It’s about what you have displayed on your bookshelf.
A recent and informal survey has shown that music listeners actually only listen to a small percentage of their music collection. VLDCMCaR (pronounced vldcmcar) can help with that.
I don’t have a hard time believing this to be the case. Back in the US, I have waiting for me a wide and varied collection of about 1,000 music CDs. Most of these are contemporary music, with a lot of experimental and electronic. Of all these, I would say there is less than 50 I would listen to regularly, ten of which are the proverbial take-to-a-desert-island. All the others I think of references; but I feel still compelled to burn them all onto my digital music listening device (which I swear gets heavier the more data I have loaded on it). I know it is an irrational compulsion; but I have always been inclined to collect (to the annoyance of my wife. BTW, yesterday I found on the street a deed to a car signed 1922 in Copenhagen).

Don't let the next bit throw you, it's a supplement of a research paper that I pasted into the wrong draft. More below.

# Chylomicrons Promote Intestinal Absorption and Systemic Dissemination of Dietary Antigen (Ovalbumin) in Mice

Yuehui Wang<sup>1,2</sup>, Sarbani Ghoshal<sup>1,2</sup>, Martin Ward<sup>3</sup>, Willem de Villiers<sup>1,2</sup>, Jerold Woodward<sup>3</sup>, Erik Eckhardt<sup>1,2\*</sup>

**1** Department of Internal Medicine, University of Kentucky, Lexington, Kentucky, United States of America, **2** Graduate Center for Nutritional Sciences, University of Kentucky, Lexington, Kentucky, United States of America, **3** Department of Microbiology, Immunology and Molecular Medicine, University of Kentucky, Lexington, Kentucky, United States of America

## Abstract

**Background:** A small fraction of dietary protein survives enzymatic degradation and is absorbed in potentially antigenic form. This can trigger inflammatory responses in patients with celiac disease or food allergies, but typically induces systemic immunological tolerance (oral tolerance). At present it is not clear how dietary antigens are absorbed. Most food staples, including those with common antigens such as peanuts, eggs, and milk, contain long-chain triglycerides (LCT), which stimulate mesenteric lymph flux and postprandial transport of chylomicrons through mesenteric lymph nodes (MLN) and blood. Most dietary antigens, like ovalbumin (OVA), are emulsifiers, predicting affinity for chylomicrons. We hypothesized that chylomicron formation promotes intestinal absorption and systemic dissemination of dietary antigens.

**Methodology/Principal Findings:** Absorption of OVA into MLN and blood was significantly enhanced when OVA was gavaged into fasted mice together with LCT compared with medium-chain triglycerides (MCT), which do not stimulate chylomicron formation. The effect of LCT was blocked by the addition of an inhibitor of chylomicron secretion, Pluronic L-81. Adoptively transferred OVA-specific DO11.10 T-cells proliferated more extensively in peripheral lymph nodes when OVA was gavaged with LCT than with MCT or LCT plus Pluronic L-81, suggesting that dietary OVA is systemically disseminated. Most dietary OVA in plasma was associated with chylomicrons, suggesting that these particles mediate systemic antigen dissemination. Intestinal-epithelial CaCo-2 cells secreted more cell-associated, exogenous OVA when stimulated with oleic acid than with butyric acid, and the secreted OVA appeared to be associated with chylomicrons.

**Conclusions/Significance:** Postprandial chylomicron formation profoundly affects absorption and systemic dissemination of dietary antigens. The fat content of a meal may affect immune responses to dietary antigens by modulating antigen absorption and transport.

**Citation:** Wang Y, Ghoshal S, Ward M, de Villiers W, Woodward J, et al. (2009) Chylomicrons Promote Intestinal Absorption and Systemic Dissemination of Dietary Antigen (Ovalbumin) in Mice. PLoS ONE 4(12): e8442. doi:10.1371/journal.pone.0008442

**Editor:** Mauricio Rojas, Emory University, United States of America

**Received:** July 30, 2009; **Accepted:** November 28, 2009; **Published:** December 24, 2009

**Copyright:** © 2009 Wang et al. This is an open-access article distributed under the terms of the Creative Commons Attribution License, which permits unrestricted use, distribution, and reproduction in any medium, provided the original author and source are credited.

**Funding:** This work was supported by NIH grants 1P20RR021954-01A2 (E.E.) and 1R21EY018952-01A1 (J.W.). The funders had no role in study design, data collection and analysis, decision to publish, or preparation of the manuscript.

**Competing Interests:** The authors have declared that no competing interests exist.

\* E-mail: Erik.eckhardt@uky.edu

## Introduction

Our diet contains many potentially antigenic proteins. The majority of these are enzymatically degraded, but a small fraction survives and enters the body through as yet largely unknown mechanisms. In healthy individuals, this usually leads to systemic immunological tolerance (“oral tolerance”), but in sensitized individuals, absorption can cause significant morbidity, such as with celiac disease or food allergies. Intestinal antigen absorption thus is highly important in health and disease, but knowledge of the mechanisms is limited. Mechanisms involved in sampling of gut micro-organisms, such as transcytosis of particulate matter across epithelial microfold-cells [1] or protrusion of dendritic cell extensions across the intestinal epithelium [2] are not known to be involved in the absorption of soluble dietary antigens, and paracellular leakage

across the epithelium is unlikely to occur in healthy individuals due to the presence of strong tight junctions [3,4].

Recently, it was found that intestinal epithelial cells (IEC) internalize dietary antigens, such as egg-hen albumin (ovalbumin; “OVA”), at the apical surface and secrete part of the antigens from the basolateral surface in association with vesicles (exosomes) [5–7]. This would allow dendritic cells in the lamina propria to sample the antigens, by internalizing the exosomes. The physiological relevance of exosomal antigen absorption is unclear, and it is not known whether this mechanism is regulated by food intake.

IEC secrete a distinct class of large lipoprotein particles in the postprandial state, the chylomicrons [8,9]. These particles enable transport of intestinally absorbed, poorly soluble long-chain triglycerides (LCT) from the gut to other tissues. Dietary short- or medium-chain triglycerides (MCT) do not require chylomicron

For most of the CDs I own, I can recall a specific experience that makes the piece on it special. For instance, when listening the first time to Stockhausen’s Mantra, I wasn’t digging it. Twenty minutes later I was blown away by his use of repetition in making clear a delicate phrasing that I so wanted to replicate in my own work. I was a Stockhausen convert. Then I saw the CD player had been repeating the first 1-minute track. Seventeen years later, that first minute sticks with me today, and is one of my favorites. Along with the first 8 seconds of Brahms 1st symphony. And then there is that 10 seconds in Bruckner’s 9th; and those few seconds in Mahler’s 3rd that sounds exactly like Star Trek. Maybe I should create a compilation, like The Greatest Hits of the Second Viennese School.